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In my culture, when a man gets married, he gives a goat to his bride’s family. It is a way of saying “thank you” for preserving the daughter’s chastity. When my older sister’s husband presented his goat to our mother at our home in Nigeria, he said, “I found your daughter at home,” which meant he knew she was a virgin. I saw this as a little girl and told myself those words would one day be repeated for me.
When a religious sister visited our village, though, my plans changed. I felt that God was calling me to become a nun instead. My mom told me that it would happen if it was God’s will. While I waited, I decided to be as good as possible, trusting that God would protect me and answer my prayer.
My Darkest Night. After high school, I began to look for a job so that I could help support my mother. I asked my cousin, who lived in the city, to see if he could find work for me there. But instead of a job, he invited me to be his family’s housemaid. I agreed, hoping that eventually he would find me work. He kept promising to find me a job, but he never did.
Eventually, I decided to go home and try looking elsewhere, but my cousin refused to give me money for transportation. Then came the darkest night of my life. My cousin’s wife had gone away, and I woke up feeling a hand touching my body. It was my cousin. I screamed, but he covered my mouth, held me down, and robbed me of my virginity.
The next day, I felt as if the universe were jeering at me, telling me I had lost my honor. No longer a virgin, I was convinced that no religious community would accept me. Whatever I did, whether I fetched water or went out to the market, I felt exposed. I kept replaying the ugly scene in my mind and blamed myself.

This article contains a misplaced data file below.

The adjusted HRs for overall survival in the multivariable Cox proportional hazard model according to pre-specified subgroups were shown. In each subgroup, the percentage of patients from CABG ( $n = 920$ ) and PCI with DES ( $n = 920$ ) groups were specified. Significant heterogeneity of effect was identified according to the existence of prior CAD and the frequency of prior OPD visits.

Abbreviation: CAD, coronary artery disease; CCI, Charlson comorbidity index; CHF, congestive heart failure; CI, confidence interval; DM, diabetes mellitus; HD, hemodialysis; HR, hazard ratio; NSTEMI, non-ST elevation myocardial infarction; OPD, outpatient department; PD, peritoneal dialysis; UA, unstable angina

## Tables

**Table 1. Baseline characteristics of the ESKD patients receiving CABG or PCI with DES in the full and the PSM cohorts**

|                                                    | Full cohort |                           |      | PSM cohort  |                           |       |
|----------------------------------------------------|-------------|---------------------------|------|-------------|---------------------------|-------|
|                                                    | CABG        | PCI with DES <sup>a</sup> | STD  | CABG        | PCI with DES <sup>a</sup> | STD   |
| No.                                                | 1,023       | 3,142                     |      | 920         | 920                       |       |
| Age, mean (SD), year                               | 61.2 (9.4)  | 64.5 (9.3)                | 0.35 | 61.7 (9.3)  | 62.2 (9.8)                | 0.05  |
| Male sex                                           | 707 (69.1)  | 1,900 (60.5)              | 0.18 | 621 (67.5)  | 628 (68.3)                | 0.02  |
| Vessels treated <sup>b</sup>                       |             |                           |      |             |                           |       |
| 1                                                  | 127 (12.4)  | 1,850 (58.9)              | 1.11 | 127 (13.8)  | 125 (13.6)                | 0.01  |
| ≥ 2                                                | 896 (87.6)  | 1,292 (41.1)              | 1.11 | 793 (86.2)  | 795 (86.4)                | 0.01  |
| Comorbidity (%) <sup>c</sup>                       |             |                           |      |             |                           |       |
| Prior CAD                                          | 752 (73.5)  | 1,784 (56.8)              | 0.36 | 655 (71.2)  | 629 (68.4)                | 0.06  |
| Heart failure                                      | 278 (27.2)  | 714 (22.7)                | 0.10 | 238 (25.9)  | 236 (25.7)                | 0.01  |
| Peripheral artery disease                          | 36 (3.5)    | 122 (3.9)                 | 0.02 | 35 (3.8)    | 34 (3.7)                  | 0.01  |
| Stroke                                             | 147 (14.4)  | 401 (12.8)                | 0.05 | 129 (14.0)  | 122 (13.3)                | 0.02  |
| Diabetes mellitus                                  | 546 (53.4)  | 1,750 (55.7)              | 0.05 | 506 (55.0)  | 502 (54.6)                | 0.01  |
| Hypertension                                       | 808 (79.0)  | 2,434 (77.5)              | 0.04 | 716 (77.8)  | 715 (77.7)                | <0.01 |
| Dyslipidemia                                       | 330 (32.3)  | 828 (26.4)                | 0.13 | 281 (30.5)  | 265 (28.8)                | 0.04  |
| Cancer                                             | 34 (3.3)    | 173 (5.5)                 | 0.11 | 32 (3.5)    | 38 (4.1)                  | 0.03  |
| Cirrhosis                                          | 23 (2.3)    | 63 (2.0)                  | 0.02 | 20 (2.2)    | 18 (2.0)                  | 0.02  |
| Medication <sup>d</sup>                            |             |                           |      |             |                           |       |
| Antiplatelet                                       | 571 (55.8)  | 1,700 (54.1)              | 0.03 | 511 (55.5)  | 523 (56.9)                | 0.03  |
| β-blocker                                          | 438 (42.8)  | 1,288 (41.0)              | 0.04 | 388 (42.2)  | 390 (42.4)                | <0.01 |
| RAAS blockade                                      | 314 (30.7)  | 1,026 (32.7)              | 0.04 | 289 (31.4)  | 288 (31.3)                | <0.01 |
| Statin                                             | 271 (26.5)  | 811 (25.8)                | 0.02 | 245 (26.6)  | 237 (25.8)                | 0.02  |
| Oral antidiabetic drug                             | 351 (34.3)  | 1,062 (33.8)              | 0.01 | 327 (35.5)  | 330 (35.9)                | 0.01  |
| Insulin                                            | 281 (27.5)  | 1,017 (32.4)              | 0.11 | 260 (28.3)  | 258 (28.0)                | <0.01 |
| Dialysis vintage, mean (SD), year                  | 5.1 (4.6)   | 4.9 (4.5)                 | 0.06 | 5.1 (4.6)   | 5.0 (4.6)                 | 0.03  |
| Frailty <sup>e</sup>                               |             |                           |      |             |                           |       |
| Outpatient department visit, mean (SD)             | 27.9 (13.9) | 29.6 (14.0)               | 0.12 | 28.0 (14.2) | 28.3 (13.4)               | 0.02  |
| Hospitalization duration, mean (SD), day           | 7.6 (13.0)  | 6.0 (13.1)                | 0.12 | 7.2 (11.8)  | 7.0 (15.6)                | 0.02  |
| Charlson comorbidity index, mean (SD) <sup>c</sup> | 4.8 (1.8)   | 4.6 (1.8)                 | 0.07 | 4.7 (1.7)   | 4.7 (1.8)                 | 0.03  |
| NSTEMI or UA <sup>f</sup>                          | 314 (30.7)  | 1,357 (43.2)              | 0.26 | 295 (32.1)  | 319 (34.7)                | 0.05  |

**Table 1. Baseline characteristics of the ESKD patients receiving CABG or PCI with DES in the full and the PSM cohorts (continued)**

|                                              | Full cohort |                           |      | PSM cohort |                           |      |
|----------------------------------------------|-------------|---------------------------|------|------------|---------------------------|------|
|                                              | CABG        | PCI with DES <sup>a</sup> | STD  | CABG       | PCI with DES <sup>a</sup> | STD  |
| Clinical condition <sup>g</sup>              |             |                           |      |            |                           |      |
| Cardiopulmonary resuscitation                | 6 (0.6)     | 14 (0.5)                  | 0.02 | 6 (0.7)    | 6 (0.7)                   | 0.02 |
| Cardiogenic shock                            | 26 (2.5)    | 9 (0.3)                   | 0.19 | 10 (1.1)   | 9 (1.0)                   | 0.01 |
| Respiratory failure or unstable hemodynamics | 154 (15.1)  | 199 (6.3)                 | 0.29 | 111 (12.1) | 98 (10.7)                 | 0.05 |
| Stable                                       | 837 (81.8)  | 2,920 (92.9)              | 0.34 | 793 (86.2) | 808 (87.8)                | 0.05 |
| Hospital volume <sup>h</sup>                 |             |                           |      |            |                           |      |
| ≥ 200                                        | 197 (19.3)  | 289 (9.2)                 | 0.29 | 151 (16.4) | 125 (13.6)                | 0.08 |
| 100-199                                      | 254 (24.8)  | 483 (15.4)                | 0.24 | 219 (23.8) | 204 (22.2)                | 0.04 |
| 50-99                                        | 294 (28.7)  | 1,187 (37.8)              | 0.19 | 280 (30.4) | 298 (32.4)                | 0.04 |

But I also couldn’t forgive God for allowing this to happen. Where was the One I had worked so hard to please during my childhood? Was this my reward for being good?
“I Still Love You.” Since God didn’t seem to care, I decided to destroy my life. I began to sleep with other men as a way of punishing God for keeping silent when I needed him the most. But each time, I would return home crying and filled with guilt. Then I became pregnant and had an abortion—my first.
The abortion went smoothly, but on my way home, my eyes caught sight of a dirty, smelly gutter. Just then, I felt as if I heard Jesus saying, “That is where you are now, but I can take you out, if you allow me.” I shook it off and went on my way.
I got pregnant again, but my second abortion didn’t go as smoothly. I left the abortionist’s office in pain, with my child still in my womb. A couple of days later, I miscarried, and I was sick for nearly a week afterward. I felt tortured, as God’s voice kept getting louder: “I still love you in spite of all of this.” He seemed to be everywhere, even in my dreams. I cried constantly—I still couldn’t imagine being loved by the God I had been hurting.
“Come Back to Me.” In March 1998, Pope John Paul II visited my country. I made the trek to a Mass where he presided, but I couldn’t get close enough to see him, and it made me feel sad. That night, I thought to myself, “If you feel this way about not seeing the pope, just think of what it would be like not to see God in heaven.”